OHV users and lobbyists perpetuate misinformation and myths about Carnegie SVRA and Tesla Park (the Alameda-Tesla purchase). Myth Busters separates fact from fiction and sets the record straight.
- Myth #1 – OHV users paid for Tesla Park.
- Myth #2 – Tesla Park is owned by the OHMVR Division.
- Myth #3 – Tesla Park has to be used for OHV use because it was bought with OHMVR funds.
- Myth #4 – The Carnegie SVRA and Tesla Park land is not good for anything else so it is good that it be used for OHV use.
- Myth #5 – Carnegie SVRA was a motorcycle park before the State bought it and it was already damaged.
- Myth #6 – Carnegie SVRA and Tesla Park are the perfect location for an off-highway motor vehicle park.
- Myth #7 – Carnegie SVRA has changed and is now operating appropriately.
- Myth #8 – The pollution at Carnegie SVRA is caused by the historic Tesla coal mine and Hetch Hetchy tunnel which are up stream of Carnegie SVRA.
- Myth #9 – If OHV use is not allowed in Tesla Park, OHV users will trespass on other property.
- Myth #10 – OHV use, including at Carnegie SVRA, is growing and more OHV use areas are needed.
- Myth #11 – If use at Carnegie SVRA is restricted for restoration, Tesla Park will be needed for more OHV use.
- Myth #12 – Carnegie SVRA has approval to expand into Tesla Park.
Fact – It is misleading and inaccurate to state that OHV users, like those who use Carnegie SVRA, paid for the Tesla Park land. The OHMVR Division is not supported exclusively or even primarily by SVRA entrance fees and “green/red sticker” registration fees. Fuel tax transfers make up the vast majority of the OHMVR budget, and the majority of the fuel tax transfers are not attributable to OHV use like that which occurs at Carnegie SVRA. The general outdoor non-OHV recreation public that purchases gas in California paid for about 55% of Tesla Park through fuel taxes. Read the “Truth about OHMVR Divi$ion Funding” to get the facts.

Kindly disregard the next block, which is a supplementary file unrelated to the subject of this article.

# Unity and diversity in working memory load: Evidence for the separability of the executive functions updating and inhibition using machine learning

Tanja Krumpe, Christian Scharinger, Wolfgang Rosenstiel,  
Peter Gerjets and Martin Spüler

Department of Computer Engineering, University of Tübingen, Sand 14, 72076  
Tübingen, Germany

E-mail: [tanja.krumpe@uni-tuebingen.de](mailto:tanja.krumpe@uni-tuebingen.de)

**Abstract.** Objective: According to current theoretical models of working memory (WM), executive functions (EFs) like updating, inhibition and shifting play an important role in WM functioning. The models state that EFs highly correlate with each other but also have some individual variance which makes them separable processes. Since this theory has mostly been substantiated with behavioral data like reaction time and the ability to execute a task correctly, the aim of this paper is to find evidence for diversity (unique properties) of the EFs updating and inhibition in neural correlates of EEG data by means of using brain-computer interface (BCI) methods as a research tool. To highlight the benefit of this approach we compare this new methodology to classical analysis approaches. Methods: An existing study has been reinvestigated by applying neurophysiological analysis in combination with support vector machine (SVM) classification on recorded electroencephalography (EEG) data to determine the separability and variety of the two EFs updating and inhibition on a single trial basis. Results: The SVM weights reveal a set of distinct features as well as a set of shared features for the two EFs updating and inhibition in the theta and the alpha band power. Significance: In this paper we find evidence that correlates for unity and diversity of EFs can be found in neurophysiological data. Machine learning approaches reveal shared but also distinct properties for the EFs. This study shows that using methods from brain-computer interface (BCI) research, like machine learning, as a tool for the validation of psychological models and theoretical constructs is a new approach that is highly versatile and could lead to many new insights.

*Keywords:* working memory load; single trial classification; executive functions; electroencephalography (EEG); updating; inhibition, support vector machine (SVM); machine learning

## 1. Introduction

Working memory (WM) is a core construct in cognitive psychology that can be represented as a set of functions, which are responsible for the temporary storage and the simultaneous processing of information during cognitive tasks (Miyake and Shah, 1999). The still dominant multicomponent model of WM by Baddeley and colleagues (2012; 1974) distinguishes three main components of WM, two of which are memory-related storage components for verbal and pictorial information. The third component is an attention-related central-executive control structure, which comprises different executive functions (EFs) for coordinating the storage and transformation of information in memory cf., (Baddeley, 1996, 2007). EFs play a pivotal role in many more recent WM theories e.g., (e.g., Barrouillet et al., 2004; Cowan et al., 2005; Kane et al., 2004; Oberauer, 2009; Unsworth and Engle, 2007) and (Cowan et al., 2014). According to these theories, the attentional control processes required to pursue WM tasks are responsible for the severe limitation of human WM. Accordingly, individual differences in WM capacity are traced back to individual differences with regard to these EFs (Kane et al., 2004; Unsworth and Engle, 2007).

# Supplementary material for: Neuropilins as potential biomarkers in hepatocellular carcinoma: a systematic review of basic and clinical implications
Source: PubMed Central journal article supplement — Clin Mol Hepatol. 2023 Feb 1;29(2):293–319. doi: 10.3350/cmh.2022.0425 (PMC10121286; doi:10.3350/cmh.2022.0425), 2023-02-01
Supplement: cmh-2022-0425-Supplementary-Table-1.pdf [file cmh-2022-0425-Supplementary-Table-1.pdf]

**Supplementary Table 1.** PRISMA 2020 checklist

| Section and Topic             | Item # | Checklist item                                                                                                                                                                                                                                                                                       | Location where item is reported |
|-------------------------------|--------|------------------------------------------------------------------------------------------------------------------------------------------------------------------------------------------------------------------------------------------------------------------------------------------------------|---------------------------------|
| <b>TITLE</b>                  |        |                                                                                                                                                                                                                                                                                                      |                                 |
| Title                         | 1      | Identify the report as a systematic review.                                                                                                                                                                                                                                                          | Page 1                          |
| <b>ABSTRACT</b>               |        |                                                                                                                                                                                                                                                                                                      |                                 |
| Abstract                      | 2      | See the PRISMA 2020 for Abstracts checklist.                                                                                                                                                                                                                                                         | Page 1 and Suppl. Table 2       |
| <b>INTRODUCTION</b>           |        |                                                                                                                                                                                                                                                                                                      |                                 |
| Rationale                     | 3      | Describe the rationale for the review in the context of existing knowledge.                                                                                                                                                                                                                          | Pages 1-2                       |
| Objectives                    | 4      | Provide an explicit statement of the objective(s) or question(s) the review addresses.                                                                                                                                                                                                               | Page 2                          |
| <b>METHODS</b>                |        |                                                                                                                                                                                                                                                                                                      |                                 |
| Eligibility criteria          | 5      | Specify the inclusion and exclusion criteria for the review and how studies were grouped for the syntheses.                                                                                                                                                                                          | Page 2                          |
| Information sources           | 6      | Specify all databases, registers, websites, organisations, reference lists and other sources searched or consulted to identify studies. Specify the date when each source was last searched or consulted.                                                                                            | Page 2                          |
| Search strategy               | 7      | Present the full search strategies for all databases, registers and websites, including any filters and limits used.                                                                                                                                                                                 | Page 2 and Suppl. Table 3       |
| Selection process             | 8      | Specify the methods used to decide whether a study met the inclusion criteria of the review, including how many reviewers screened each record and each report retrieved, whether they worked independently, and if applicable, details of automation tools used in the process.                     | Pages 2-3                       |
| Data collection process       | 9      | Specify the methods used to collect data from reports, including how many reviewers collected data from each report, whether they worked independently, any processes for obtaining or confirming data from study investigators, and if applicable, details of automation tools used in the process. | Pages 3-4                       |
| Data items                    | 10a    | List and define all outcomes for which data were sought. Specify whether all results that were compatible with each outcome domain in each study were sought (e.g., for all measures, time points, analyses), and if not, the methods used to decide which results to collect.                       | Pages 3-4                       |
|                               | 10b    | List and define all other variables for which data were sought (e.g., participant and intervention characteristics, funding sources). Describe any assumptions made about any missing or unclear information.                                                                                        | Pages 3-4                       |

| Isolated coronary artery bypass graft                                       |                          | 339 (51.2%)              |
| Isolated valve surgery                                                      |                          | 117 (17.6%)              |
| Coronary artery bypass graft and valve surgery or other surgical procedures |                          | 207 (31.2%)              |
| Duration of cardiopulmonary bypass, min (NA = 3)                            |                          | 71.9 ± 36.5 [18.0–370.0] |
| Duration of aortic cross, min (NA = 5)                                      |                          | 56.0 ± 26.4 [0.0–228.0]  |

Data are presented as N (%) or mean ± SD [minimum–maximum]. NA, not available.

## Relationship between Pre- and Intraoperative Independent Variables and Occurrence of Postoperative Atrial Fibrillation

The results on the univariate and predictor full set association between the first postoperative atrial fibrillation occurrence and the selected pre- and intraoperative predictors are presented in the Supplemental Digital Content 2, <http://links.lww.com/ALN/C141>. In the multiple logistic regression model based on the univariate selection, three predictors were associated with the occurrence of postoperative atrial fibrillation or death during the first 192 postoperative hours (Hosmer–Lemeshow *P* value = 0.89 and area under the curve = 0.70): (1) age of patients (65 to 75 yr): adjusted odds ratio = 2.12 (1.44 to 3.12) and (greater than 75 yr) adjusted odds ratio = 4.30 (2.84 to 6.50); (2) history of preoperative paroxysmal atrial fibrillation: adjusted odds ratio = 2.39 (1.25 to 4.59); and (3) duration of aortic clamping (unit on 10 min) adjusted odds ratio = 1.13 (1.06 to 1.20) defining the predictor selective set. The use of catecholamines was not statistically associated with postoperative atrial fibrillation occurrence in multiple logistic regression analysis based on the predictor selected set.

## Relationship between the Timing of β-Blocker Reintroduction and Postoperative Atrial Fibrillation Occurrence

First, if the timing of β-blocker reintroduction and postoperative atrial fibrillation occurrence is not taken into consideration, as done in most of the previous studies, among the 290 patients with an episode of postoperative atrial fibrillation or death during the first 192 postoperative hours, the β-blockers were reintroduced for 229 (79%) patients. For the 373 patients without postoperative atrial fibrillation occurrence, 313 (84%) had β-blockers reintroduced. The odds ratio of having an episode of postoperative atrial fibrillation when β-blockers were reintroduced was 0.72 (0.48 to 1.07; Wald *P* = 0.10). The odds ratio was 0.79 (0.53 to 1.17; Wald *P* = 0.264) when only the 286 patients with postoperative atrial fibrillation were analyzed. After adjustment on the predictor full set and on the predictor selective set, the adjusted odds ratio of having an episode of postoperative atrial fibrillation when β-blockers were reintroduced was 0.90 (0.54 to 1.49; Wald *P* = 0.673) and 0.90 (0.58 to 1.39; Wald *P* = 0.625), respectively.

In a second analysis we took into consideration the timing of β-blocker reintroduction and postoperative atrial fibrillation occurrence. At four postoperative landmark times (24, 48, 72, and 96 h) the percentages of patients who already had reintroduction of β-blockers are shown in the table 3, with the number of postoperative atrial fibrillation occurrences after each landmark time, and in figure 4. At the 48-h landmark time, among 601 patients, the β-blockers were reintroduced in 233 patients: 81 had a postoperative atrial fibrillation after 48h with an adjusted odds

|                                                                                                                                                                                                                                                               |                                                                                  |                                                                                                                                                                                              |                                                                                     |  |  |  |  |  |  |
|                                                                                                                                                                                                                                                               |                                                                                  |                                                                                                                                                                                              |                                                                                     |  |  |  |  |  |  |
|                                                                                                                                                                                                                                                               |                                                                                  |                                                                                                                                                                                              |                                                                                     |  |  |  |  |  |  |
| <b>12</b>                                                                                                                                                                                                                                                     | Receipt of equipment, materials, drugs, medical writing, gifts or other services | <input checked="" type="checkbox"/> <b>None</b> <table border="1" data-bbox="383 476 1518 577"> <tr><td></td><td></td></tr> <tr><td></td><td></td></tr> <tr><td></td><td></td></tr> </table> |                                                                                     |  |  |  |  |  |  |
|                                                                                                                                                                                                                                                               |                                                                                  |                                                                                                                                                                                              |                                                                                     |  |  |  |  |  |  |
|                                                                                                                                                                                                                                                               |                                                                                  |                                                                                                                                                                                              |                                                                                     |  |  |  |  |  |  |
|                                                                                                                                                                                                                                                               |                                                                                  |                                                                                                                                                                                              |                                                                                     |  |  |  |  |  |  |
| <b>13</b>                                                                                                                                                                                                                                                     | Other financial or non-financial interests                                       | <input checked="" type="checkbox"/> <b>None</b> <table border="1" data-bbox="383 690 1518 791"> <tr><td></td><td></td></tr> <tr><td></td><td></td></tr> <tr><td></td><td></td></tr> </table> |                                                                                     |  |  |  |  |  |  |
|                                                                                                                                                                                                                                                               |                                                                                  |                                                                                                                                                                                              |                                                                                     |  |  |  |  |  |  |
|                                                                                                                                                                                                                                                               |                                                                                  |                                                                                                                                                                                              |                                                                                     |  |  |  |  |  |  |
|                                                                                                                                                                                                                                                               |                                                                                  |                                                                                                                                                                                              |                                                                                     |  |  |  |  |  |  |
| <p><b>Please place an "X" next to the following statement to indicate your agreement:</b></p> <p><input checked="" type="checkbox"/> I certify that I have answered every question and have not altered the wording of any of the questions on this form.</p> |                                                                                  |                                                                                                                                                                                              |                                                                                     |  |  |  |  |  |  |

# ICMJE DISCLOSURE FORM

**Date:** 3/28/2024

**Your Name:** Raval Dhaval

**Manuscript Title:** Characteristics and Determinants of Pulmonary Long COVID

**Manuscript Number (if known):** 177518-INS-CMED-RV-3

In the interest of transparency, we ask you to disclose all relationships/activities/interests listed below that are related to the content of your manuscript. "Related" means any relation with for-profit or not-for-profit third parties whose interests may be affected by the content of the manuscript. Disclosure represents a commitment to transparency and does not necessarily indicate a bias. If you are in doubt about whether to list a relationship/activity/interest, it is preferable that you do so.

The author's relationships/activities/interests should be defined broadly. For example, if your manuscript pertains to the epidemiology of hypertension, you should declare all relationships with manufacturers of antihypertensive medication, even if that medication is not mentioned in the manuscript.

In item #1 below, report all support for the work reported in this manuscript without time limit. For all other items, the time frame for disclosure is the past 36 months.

Fact – Property title on deeds and public records for the Tesla Park land show that the property is held by the “State of California, Department of Parks and Recreation”. It is correct that the purchase funds were from the OHMVR Division, but Tesla Park is owned by the State of California Parks Department, not the OHMVR Division.
Fact– It is not accurate that Tesla Park has to be used for OHV use like that which occurs at Carnegie SVRA because it was bought with OHMVR funds.
The OHMVR Division receives funding for and is statutorily responsible to provide motorized off-highway access to non-motorized recreation. At Tesla Park, limited street legal vehicle off-highway access to limited parking areas and trails heads for non-motorized recreation meets all requirements of the OHMVR statutes and provides the type of resource protection and low impact non-motorized recreation appropriate for Tesla Park. It is consistent with OHMVR laws that define how OHMVR funds are to be used to operate Tesla Park as a sensitive natural and historic area with limited street legal off-highway access to non-motorized recreation.